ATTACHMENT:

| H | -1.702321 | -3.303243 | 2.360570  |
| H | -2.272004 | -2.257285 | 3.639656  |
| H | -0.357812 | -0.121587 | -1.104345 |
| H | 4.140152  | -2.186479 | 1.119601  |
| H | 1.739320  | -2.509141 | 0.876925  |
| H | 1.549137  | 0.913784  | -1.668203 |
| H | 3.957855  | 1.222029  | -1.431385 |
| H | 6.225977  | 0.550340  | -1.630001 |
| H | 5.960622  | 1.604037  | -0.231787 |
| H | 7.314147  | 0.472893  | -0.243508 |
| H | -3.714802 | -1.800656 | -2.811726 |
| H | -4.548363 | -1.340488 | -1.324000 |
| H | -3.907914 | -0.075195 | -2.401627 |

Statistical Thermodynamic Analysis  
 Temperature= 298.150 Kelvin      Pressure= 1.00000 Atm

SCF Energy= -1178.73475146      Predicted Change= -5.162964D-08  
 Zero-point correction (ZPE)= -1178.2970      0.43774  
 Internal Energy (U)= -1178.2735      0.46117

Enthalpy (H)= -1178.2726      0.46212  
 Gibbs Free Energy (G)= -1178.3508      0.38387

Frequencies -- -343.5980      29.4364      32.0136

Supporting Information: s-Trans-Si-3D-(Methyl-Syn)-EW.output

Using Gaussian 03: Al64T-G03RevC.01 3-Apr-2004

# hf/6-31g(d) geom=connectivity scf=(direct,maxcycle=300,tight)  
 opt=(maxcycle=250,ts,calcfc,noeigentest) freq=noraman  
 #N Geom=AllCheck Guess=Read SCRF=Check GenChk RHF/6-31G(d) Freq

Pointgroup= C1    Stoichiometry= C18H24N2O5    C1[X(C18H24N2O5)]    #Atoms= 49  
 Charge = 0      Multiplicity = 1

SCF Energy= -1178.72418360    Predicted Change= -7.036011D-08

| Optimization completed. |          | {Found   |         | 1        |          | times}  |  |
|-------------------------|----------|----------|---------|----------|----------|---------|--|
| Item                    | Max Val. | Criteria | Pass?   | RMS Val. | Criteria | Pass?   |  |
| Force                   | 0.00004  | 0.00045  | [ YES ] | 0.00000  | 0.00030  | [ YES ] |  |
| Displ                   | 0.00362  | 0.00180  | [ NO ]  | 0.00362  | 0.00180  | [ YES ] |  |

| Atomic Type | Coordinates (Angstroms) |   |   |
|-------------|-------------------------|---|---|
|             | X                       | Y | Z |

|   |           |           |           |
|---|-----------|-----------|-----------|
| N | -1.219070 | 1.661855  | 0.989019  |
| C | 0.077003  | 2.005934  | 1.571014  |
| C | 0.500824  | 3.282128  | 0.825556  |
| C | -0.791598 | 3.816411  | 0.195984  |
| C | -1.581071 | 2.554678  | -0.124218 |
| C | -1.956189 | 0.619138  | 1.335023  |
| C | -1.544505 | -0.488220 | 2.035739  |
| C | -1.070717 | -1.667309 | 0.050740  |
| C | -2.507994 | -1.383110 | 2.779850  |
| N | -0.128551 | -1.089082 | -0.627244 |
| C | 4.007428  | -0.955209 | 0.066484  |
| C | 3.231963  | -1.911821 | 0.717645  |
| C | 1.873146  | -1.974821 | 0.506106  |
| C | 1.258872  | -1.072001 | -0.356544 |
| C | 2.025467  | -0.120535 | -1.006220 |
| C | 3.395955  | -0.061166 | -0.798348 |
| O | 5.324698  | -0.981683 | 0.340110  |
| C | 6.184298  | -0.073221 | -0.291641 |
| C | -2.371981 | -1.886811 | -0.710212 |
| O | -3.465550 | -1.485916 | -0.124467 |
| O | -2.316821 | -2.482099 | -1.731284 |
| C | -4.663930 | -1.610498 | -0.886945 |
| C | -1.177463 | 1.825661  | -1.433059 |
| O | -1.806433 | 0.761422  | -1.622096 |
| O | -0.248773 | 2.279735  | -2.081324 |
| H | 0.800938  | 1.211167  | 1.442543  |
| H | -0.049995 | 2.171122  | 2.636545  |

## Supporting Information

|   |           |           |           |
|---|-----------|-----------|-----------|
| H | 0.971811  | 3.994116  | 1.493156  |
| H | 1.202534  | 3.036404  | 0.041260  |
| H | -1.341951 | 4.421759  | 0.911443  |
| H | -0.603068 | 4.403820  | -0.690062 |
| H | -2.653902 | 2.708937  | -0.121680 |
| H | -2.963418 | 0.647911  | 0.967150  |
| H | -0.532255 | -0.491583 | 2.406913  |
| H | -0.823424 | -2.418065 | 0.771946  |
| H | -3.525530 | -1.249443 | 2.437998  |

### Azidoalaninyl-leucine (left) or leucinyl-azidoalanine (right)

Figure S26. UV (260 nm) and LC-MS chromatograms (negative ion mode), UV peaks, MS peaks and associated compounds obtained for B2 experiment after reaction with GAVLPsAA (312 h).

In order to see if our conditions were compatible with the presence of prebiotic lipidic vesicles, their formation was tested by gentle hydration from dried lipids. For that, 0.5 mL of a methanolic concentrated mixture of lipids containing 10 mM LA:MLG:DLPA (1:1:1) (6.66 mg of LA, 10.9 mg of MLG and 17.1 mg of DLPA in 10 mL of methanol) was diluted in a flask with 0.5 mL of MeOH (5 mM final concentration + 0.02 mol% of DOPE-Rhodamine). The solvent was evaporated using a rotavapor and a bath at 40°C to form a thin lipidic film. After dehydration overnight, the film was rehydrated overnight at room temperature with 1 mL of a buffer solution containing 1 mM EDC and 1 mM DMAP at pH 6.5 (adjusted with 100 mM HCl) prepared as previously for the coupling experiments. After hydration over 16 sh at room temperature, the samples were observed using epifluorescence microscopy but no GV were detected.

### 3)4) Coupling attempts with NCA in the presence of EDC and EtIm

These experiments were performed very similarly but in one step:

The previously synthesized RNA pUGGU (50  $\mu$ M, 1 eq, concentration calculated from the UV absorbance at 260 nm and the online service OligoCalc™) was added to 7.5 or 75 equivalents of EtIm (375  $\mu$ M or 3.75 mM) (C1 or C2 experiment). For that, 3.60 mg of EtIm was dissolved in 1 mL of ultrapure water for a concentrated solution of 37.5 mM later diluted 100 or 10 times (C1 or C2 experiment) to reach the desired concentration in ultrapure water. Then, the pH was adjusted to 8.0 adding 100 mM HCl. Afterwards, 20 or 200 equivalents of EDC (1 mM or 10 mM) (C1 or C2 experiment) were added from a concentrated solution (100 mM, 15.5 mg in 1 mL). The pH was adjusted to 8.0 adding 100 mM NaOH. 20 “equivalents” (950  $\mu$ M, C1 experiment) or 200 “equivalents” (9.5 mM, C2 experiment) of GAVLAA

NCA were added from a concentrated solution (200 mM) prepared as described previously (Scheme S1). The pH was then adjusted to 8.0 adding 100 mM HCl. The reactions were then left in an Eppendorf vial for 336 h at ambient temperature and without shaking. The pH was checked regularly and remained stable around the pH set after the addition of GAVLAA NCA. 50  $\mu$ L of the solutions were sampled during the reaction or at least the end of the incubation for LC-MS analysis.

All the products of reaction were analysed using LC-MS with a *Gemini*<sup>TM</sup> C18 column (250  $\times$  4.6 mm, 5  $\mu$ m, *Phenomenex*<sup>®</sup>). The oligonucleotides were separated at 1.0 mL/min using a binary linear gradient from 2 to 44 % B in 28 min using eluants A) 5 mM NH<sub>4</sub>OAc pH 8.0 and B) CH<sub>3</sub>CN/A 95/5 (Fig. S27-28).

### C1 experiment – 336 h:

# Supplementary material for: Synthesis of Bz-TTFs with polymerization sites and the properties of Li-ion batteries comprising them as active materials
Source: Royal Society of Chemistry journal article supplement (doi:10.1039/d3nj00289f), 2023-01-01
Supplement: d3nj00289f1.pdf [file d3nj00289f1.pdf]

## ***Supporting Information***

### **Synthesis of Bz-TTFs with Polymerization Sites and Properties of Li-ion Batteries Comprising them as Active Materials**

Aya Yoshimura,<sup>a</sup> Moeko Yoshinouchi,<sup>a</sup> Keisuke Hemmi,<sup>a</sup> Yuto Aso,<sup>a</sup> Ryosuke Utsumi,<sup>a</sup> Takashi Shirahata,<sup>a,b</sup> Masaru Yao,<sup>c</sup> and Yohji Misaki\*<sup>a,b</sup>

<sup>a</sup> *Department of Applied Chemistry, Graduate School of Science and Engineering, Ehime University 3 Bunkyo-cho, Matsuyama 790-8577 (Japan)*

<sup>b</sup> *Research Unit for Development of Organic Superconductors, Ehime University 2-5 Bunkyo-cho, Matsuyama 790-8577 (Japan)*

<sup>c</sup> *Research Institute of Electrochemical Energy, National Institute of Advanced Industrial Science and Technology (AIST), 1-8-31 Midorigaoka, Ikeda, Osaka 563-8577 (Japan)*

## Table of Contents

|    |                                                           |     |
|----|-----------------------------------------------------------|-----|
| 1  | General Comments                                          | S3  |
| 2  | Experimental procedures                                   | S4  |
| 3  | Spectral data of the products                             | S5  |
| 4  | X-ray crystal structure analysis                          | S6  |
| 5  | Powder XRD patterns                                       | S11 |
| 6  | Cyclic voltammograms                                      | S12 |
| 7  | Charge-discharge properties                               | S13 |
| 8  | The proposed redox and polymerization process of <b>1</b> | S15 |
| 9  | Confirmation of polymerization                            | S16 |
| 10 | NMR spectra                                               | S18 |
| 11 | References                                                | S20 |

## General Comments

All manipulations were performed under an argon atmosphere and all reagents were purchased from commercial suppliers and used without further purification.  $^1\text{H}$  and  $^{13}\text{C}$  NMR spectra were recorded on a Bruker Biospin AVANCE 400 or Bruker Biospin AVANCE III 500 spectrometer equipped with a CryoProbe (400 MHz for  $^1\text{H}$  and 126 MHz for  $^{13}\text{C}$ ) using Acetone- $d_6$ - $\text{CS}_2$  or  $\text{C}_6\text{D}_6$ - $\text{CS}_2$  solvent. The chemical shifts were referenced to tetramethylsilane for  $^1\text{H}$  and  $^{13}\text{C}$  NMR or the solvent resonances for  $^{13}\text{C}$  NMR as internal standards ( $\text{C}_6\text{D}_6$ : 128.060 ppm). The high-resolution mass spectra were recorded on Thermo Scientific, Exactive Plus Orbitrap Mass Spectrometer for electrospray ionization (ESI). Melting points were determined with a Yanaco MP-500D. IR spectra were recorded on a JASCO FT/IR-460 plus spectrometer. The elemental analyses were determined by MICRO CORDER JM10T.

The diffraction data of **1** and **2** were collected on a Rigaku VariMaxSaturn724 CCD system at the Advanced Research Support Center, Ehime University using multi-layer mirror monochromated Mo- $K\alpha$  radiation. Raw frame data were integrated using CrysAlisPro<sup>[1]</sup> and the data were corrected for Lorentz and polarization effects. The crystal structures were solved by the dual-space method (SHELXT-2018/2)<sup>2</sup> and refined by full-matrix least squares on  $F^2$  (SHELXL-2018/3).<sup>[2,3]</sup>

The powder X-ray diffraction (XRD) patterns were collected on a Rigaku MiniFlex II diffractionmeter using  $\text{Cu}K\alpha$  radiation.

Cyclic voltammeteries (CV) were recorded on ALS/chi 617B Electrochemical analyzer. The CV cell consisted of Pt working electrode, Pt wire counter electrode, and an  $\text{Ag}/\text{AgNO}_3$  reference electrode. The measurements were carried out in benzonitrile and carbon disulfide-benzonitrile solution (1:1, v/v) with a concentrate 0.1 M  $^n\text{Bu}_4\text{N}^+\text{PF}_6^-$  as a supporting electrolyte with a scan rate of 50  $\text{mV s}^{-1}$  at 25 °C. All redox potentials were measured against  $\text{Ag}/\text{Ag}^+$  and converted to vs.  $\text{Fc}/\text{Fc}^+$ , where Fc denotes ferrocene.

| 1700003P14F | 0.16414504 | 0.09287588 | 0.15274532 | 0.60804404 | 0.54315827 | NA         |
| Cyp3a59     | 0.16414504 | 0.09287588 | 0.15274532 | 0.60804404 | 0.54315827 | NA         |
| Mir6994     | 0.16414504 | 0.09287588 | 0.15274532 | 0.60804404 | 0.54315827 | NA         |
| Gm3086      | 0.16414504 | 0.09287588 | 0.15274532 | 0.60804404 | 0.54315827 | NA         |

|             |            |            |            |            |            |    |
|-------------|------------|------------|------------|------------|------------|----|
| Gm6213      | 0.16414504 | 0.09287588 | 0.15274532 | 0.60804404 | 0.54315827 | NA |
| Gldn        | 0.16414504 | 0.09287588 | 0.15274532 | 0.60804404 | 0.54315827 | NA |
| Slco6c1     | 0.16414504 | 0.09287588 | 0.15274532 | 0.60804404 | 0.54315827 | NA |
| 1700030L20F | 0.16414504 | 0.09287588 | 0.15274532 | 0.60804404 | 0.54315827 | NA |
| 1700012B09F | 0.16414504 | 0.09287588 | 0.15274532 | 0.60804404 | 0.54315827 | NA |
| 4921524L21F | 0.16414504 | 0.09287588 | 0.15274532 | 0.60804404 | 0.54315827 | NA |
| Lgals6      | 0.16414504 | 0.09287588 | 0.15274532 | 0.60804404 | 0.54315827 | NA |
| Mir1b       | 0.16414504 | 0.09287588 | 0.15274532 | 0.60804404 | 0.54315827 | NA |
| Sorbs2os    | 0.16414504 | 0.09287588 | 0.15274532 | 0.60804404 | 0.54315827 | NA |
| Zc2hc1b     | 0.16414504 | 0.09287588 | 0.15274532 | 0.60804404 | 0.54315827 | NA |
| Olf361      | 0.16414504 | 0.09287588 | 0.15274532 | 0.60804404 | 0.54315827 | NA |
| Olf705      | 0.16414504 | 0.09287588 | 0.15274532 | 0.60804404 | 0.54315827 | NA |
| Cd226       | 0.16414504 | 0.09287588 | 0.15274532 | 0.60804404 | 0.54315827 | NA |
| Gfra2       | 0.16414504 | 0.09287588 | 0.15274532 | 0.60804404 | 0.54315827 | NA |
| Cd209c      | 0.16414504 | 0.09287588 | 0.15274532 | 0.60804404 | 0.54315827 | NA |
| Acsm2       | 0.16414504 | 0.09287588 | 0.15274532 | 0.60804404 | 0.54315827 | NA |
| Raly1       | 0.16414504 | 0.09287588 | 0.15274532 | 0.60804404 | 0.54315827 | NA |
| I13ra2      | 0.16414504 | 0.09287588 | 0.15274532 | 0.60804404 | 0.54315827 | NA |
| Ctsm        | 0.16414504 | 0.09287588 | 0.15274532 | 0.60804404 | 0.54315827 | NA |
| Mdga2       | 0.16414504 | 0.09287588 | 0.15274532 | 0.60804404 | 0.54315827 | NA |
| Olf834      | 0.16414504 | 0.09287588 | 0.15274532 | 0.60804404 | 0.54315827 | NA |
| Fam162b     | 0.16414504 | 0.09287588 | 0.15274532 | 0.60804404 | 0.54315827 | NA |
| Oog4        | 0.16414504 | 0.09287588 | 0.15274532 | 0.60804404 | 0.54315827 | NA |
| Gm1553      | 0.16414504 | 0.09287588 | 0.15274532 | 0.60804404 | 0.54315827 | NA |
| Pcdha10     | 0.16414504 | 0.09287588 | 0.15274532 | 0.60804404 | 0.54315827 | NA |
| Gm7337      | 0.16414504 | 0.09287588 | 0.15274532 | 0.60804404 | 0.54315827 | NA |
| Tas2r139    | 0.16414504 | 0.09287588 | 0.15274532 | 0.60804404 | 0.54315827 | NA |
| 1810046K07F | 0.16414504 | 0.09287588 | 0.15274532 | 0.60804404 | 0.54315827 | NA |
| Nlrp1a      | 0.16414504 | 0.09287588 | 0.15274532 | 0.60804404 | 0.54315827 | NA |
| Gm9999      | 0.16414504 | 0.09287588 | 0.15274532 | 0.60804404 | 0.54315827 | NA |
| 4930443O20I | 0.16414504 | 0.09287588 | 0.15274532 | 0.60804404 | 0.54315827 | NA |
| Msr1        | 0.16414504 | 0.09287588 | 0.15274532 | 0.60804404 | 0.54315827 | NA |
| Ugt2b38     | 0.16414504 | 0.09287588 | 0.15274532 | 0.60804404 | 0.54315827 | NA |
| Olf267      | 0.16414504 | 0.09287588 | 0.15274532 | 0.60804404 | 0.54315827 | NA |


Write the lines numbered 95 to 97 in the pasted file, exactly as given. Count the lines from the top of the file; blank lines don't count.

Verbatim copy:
<sup>b</sup> *Research Unit for Development of Organic Superconductors, Ehime University 2-5 Bunkyo-cho, Matsuyama 790-8577 (Japan)*

<sup>c</sup> *Research Institute of Electrochemical Energy, National Institute of Advanced Industrial Science and Technology (AIST), 1-8-31 Midorigaoka, Ikeda, Osaka 563-8577 (Japan)*

## Table of Contents